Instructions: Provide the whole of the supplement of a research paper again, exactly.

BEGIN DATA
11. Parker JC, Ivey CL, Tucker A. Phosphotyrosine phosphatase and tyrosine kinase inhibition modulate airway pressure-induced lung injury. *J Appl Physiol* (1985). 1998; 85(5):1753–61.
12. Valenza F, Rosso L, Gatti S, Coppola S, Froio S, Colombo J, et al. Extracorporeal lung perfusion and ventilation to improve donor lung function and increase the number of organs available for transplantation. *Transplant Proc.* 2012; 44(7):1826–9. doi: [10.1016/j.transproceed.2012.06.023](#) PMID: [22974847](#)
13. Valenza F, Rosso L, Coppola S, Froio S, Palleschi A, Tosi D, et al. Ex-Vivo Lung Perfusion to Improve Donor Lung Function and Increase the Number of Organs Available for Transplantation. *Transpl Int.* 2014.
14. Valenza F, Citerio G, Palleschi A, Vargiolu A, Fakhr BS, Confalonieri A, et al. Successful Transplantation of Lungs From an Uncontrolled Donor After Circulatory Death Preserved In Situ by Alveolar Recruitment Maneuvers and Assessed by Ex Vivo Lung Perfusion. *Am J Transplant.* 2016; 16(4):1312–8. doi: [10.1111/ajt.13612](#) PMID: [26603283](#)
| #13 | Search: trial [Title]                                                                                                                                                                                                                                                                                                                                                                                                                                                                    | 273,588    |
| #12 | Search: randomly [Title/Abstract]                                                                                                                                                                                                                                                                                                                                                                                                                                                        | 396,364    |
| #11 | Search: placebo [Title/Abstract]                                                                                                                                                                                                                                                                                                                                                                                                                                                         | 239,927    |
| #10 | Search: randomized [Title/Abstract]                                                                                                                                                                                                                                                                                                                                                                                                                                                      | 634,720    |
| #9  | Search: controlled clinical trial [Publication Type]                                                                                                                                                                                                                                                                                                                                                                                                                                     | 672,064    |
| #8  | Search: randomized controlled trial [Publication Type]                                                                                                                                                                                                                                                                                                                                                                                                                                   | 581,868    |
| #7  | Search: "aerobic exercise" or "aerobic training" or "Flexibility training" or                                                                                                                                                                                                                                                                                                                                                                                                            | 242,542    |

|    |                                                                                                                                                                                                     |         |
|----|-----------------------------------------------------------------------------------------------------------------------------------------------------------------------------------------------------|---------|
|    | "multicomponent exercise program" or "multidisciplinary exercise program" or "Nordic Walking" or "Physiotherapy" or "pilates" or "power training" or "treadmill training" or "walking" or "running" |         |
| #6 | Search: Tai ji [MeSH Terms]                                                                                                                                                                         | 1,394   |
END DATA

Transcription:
11. Parker JC, Ivey CL, Tucker A. Phosphotyrosine phosphatase and tyrosine kinase inhibition modulate airway pressure-induced lung injury. *J Appl Physiol* (1985). 1998; 85(5):1753–61.
12. Valenza F, Rosso L, Gatti S, Coppola S, Froio S, Colombo J, et al. Extracorporeal lung perfusion and ventilation to improve donor lung function and increase the number of organs available for transplantation. *Transplant Proc.* 2012; 44(7):1826–9. doi: [10.1016/j.transproceed.2012.06.023](#) PMID: [22974847](#)
13. Valenza F, Rosso L, Coppola S, Froio S, Palleschi A, Tosi D, et al. Ex-Vivo Lung Perfusion to Improve Donor Lung Function and Increase the Number of Organs Available for Transplantation. *Transpl Int.* 2014.
14. Valenza F, Citerio G, Palleschi A, Vargiolu A, Fakhr BS, Confalonieri A, et al. Successful Transplantation of Lungs From an Uncontrolled Donor After Circulatory Death Preserved In Situ by Alveolar Recruitment Maneuvers and Assessed by Ex Vivo Lung Perfusion. *Am J Transplant.* 2016; 16(4):1312–8. doi: [10.1111/ajt.13612](#) PMID: [26603283](#)
| #13 | Search: trial [Title]                                                                                                                                                                                                                                                                                                                                                                                                                                                                    | 273,588    |
| #12 | Search: randomly [Title/Abstract]                                                                                                                                                                                                                                                                                                                                                                                                                                                        | 396,364    |
| #11 | Search: placebo [Title/Abstract]                                                                                                                                                                                                                                                                                                                                                                                                                                                         | 239,927    |
| #10 | Search: randomized [Title/Abstract]                                                                                                                                                                                                                                                                                                                                                                                                                                                      | 634,720    |
| #9  | Search: controlled clinical trial [Publication Type]                                                                                                                                                                                                                                                                                                                                                                                                                                     | 672,064    |
| #8  | Search: randomized controlled trial [Publication Type]                                                                                                                                                                                                                                                                                                                                                                                                                                   | 581,868    |
| #7  | Search: "aerobic exercise" or "aerobic training" or "Flexibility training" or                                                                                                                                                                                                                                                                                                                                                                                                            | 242,542    |

|    |                                                                                                                                                                                                     |         |
|----|-----------------------------------------------------------------------------------------------------------------------------------------------------------------------------------------------------|---------|
|    | "multicomponent exercise program" or "multidisciplinary exercise program" or "Nordic Walking" or "Physiotherapy" or "pilates" or "power training" or "treadmill training" or "walking" or "running" |         |
| #6 | Search: Tai ji [MeSH Terms]                                                                                                                                                                         | 1,394   |